The Republican National Committee is throwing an absolute hissy fit over the last presidential debate, hosted by CNBC. They say the moderators were totally unfair to their candidates, asking “gotcha” questions (definition: any question they don’t want to answer). The RNC issued a statement saying the moderators acted in “bad faith” and they are canceling a scheduled February debate unless NBC promises not to hurt their precious feelings.
The RNC has suspended plans to partner with NBC News for a February debate, citing a “bad faith” performance by CNBC in Wednesday night’s meeting of the candidates.
“The CNBC network is one of your media properties, and its handling of the debate was conducted in bad faith,” RNC chairman Reince Priebus wrote in a letter to NBC chairman Andrew Lack on Friday. “We understand that NBC does not exercise full editorial control over CNBC’s journalistic approach. However, the network is an arm of your organization, and we need to ensure there is not a repeat performance.”
During and after Wednesday night’s debate, candidates and GOP officials lashed out at CNBC for the handling of the debate format and their line of questioning.
It’s true that the moderators were terrible, but for the exact opposite reason that the RNC claims. They were terrible because they let the candidates interrupt constantly, demand and take time to respond to anything and everything, and just plain lie over and over again.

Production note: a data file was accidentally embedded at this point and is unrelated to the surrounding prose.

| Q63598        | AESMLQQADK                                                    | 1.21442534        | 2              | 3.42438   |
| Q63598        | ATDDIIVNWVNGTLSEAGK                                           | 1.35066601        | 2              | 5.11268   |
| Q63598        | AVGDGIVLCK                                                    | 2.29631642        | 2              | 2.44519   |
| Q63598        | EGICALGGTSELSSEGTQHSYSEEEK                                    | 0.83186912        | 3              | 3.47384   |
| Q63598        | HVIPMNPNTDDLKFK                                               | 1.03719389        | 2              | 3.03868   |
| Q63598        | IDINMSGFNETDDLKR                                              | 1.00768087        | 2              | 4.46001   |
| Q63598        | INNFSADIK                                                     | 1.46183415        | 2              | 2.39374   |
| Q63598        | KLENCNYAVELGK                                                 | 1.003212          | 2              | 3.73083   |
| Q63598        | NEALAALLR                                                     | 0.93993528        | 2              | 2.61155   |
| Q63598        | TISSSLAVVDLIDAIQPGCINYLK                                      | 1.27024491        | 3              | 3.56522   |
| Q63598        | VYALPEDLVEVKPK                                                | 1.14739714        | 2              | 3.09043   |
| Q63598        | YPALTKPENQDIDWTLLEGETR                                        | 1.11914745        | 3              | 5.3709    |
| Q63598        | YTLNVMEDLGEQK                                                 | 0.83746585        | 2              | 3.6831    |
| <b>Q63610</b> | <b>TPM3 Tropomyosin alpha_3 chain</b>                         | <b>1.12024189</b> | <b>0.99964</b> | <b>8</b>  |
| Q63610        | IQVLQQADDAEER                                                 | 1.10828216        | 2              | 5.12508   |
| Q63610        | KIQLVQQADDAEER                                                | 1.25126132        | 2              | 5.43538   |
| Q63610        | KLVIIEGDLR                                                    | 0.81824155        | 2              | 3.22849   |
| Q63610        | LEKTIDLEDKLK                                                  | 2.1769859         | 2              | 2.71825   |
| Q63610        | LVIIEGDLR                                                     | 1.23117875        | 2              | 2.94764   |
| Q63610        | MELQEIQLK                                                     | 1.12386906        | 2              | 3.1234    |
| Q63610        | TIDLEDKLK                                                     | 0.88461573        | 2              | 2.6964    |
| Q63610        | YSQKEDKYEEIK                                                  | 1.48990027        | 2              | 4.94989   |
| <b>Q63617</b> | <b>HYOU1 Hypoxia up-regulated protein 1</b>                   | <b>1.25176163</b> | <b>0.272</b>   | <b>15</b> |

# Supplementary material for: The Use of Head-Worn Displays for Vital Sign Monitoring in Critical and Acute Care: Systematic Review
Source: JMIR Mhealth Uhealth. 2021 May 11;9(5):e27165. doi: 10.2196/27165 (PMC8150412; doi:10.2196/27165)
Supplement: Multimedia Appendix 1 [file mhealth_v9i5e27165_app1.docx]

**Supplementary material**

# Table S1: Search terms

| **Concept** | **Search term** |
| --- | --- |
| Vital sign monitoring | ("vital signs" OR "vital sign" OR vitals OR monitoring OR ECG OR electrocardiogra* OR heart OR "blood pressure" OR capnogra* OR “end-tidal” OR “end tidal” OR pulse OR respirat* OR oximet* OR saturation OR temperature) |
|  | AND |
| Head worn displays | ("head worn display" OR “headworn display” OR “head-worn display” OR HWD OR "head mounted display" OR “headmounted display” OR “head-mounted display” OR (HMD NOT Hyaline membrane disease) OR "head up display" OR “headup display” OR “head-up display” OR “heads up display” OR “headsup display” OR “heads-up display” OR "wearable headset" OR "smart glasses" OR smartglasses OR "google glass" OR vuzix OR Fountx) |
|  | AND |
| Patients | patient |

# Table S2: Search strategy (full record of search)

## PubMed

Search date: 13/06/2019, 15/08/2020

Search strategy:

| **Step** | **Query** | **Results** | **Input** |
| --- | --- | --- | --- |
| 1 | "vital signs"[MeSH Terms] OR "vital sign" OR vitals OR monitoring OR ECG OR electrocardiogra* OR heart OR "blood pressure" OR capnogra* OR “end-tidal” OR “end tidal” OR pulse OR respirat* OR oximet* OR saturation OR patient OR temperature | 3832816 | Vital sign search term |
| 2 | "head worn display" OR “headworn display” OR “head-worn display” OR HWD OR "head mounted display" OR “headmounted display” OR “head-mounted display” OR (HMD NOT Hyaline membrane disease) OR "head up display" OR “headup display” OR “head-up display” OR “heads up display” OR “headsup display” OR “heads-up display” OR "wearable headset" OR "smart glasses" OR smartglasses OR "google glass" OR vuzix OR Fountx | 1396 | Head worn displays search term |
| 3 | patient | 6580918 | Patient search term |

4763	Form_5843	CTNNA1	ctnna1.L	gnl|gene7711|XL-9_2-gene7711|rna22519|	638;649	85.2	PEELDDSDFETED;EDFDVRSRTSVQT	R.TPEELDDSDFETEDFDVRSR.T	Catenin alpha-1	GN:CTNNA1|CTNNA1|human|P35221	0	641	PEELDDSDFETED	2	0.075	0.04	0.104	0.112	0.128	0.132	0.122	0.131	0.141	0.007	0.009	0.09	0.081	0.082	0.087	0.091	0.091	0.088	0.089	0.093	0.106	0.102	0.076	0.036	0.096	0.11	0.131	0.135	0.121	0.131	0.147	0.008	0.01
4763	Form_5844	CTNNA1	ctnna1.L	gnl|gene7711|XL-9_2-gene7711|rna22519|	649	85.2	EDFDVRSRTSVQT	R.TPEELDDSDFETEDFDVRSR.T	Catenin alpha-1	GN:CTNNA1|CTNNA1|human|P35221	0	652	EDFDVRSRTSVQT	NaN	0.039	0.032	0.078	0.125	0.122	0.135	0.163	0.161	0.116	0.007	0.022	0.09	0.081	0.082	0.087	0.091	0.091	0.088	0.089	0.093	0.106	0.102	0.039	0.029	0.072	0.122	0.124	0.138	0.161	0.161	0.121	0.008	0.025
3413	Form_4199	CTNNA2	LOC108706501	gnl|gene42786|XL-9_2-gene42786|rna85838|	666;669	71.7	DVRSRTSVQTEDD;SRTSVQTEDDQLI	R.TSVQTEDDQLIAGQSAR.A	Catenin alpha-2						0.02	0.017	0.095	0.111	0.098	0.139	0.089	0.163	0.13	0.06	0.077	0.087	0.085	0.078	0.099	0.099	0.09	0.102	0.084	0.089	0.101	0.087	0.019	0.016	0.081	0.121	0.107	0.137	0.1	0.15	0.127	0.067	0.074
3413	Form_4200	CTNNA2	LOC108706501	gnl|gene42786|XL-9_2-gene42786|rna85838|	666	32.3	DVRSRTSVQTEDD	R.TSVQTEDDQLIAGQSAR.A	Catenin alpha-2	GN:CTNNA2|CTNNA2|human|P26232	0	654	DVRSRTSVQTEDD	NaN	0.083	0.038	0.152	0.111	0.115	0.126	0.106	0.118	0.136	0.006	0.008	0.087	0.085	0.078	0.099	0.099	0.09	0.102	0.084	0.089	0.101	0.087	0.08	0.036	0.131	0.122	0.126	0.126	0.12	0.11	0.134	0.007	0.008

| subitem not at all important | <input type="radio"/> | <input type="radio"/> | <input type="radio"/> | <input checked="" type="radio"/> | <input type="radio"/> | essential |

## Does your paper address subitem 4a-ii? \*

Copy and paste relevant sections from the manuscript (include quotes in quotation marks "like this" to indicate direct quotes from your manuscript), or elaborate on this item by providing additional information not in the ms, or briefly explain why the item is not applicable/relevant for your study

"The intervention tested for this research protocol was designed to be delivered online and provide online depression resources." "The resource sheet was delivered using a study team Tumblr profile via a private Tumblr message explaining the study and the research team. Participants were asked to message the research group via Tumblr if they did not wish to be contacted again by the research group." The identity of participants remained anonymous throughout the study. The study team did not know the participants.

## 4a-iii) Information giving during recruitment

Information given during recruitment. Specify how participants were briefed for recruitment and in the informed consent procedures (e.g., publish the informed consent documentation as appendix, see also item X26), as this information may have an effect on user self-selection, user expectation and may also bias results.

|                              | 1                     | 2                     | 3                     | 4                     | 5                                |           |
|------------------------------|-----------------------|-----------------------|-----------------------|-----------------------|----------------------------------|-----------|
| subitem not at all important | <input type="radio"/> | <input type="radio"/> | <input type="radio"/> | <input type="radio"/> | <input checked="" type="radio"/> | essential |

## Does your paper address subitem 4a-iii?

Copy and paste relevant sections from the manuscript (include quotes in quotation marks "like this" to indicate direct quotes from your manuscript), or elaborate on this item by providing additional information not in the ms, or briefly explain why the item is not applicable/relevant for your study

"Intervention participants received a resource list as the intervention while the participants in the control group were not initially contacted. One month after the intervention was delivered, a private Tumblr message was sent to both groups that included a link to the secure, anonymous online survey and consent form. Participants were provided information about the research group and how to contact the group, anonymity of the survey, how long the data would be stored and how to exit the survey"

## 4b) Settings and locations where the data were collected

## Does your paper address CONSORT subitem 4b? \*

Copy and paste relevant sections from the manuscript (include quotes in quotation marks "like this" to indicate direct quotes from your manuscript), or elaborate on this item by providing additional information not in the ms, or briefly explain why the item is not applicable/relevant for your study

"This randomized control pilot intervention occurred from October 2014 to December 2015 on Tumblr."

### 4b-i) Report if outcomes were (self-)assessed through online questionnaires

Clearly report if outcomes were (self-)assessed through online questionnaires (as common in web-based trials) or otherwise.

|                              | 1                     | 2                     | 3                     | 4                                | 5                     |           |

“While debates are meant to include tough questions and contrast candidates’ visions and policies for the future of America, CNBC’s moderators engaged in a series of ‘gotcha’ questions, petty and mean-spirited in tone, and designed to embarrass our candidates,” Priebus wrote in the letter to NBC. “What took place Wednesday night was not an attempt to give the American people a greater understanding of our candidates’ policies and ideas.”
That’s the funniest thing I’ll read all day. This notion that the candidates in debate are trying to “give the American people a greater understanding” of their “policies and ideas” is simply laughable. They are, in fact, trying to obscure their ideas and policies with a deluge of well-worn catchphrases and focus group-tested platitudes.
Was Marco Rubio really trying to help the American people understand his policies when he dishonestly claimed that the math that shows his tax program to be highly regressive was only so because the same percentage of a larger income is larger than that of a smaller income? The question he was asked, and it was repeated, dealt explicitly with percentages, not absolute numbers. He wasn’t trying to explain his policy, he was trying to obscure its effects by, in essence, lying in his answer.
And what are these “gotcha” questions? Asking Carson about his repeated and well-paid endorsement of a medical supplement company that is an outright fraud? That’s a massive violation of medical ethics and the Hippocratic oath. How in the world is that not an entirely fair question (and why the hell was this the first time he was asked about it during this campaign)? Even the conservative National Review has slammed him for it.
This is a calculated temper tantrum. They’re working the refs the way a basketball coach does during a game, hoping that they’ll get more favorable calls later on. Specifically, they’re hoping to get nothing but softball questions in the future debate. And NBC will do it because they’ve got a lot of money at stake. This is like Trump’s “boycott” of Fox News, they’ll promise to be really good and the RNC will come back and everyone will play nice and pretend that this has anything remotely to do with their integrity.